In the liturgical practice of the Orthodox Church, a Prokeimenon (Greek Προκείμενον, plural prokeimena; sometimes prokimenon/prokimena; lit. that which precedes) is a psalm or canticle refrain sung responsorially at certain specified points of the Divine Liturgy or the Divine Office, usually to introduce a scripture reading.[1] It corresponds to the Gradual of the Roman Mass.

Prokeimena are not selected based on the personal preference of the priest, reader, or choir director. Rather, the Sunday and weekday prokeimena are taken from the Octoechos, using the particular tone of the day. Many feasts also have their own prokeimena.

The basic pattern of a prokeimenon is for the reader to chant a single verse of the psalm or canticle (often announcing the tone as well). This is repeated as a refrain by the choir, as the Reader chants additional verses (exactly how many depends on local practice). The Reader concludes the prokeimenon by chanting the first half of the first verse, and the choir then sings the second half. Alternately, if a feast is being celebrated together with a Sunday liturgy, a verse of that feast's prokeimenon will often replace the final verse of the Sunday prokeimenon.

In some traditions where a plain chant format is used, the prokeimenon may be chanted by a cantor. In this practice, the cantor will sing the refrained verse in the prescribed tone for the Sunday or Feastday along with the accompanying additional verses. This is usually done in alternation (refrain - verse - refrain - verse - refrain).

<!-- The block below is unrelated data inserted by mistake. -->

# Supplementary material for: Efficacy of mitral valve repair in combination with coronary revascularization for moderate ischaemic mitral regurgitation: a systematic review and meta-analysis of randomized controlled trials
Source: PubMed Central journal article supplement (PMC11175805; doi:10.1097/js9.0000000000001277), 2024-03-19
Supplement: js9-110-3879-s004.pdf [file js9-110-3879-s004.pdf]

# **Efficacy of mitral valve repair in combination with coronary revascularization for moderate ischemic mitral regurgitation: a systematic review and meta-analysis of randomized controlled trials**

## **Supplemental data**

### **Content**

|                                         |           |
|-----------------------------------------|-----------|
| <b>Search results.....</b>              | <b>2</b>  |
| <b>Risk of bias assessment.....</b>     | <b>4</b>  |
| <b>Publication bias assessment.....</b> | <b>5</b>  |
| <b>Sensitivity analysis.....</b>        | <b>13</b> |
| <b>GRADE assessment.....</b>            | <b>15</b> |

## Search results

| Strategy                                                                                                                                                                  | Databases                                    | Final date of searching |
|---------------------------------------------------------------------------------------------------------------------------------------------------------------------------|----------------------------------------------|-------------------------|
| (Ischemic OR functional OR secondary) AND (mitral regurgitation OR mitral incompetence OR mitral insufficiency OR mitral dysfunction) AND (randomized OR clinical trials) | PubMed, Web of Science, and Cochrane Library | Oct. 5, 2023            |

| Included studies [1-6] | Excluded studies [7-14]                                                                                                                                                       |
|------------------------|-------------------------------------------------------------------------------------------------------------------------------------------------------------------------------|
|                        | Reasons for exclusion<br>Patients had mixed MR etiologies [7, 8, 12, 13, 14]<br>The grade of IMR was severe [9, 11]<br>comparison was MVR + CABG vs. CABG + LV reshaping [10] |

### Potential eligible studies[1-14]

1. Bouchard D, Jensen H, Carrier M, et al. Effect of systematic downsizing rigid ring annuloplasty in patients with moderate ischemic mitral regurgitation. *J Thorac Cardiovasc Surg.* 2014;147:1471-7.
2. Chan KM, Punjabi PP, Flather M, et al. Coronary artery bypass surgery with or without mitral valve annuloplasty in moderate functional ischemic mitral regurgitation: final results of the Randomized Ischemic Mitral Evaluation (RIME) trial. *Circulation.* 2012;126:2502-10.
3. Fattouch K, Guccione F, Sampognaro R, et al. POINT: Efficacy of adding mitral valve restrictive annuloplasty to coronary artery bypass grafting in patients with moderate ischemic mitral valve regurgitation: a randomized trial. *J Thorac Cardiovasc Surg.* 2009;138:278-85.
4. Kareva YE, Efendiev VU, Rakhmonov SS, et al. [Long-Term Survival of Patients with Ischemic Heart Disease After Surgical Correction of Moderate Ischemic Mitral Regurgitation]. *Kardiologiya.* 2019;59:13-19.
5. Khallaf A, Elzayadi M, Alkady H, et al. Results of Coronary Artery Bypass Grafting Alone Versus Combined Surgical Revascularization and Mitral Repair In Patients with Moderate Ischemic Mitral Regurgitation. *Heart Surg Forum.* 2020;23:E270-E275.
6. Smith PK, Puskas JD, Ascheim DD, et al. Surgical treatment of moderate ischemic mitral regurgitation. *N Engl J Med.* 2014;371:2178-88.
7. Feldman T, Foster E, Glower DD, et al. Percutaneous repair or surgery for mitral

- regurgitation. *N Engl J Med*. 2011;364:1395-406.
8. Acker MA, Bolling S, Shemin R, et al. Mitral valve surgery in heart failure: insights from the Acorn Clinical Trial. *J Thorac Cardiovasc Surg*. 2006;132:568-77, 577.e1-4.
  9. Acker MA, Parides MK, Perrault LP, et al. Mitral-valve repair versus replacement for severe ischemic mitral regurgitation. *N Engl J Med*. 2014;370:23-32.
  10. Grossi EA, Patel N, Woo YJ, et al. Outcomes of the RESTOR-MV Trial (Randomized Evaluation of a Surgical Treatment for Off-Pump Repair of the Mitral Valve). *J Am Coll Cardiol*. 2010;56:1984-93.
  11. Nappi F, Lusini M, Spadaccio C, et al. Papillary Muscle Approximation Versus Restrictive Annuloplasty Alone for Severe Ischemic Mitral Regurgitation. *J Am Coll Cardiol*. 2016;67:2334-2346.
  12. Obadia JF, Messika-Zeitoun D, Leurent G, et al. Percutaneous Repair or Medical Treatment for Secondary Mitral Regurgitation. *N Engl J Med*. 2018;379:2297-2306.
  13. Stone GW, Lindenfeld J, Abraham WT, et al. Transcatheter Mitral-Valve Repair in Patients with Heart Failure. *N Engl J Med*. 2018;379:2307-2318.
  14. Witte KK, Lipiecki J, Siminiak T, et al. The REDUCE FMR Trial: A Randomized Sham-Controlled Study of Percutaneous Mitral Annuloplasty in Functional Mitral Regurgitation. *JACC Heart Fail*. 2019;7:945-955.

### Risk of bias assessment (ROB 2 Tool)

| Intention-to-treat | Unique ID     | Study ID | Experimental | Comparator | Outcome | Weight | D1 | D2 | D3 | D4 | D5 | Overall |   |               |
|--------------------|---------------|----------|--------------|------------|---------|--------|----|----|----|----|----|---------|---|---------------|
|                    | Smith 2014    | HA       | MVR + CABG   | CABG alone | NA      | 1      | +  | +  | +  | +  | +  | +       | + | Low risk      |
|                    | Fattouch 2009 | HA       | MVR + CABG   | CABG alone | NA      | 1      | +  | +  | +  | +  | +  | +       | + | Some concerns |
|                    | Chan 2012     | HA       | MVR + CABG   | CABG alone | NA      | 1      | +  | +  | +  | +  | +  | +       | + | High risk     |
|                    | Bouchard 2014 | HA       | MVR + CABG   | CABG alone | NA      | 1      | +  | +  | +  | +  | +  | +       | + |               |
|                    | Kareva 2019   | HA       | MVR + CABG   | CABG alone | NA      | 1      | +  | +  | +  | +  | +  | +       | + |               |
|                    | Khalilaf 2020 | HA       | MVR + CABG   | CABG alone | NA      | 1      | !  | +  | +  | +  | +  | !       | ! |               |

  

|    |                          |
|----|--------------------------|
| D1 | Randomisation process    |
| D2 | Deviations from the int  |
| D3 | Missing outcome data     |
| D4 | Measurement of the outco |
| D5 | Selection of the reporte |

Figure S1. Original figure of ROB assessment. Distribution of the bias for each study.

The example given is the Sunday prokeimenon in Tone 8, assuming no additional feast. The verses are taken from Psalm 75 (Septuagint numbering).

Reader: "The prokeimenon is in the eighth tone: Pray and make your vows before the Lord our God!"

Choir: "Pray and make your vows before the Lord our God!"

Reader: "In Judah, God is known; His name is great in Israel!"

Choir: "Pray and make your vows before the Lord our God!"

Reader: "Pray and make your vows!"

Choir: "Before the Lord our God!"

Liturgical structure

In the Divine Liturgy, the prokeimenon always precedes the Epistle reading, after the singing of the Trisagion.

At Vespers, the prokeimenon always follows the Entrance, whether or not there is an Old Testament reading to follow. Whenever there is a Gospel reading, whether at Matins or during a Moleben, it will be preceded by a prokeimenon. In Lent and Holy Week, at the Sixth Hour, a prokeimenon is also sung both before and after a reading from the books of Isaiah or Jeremiah.



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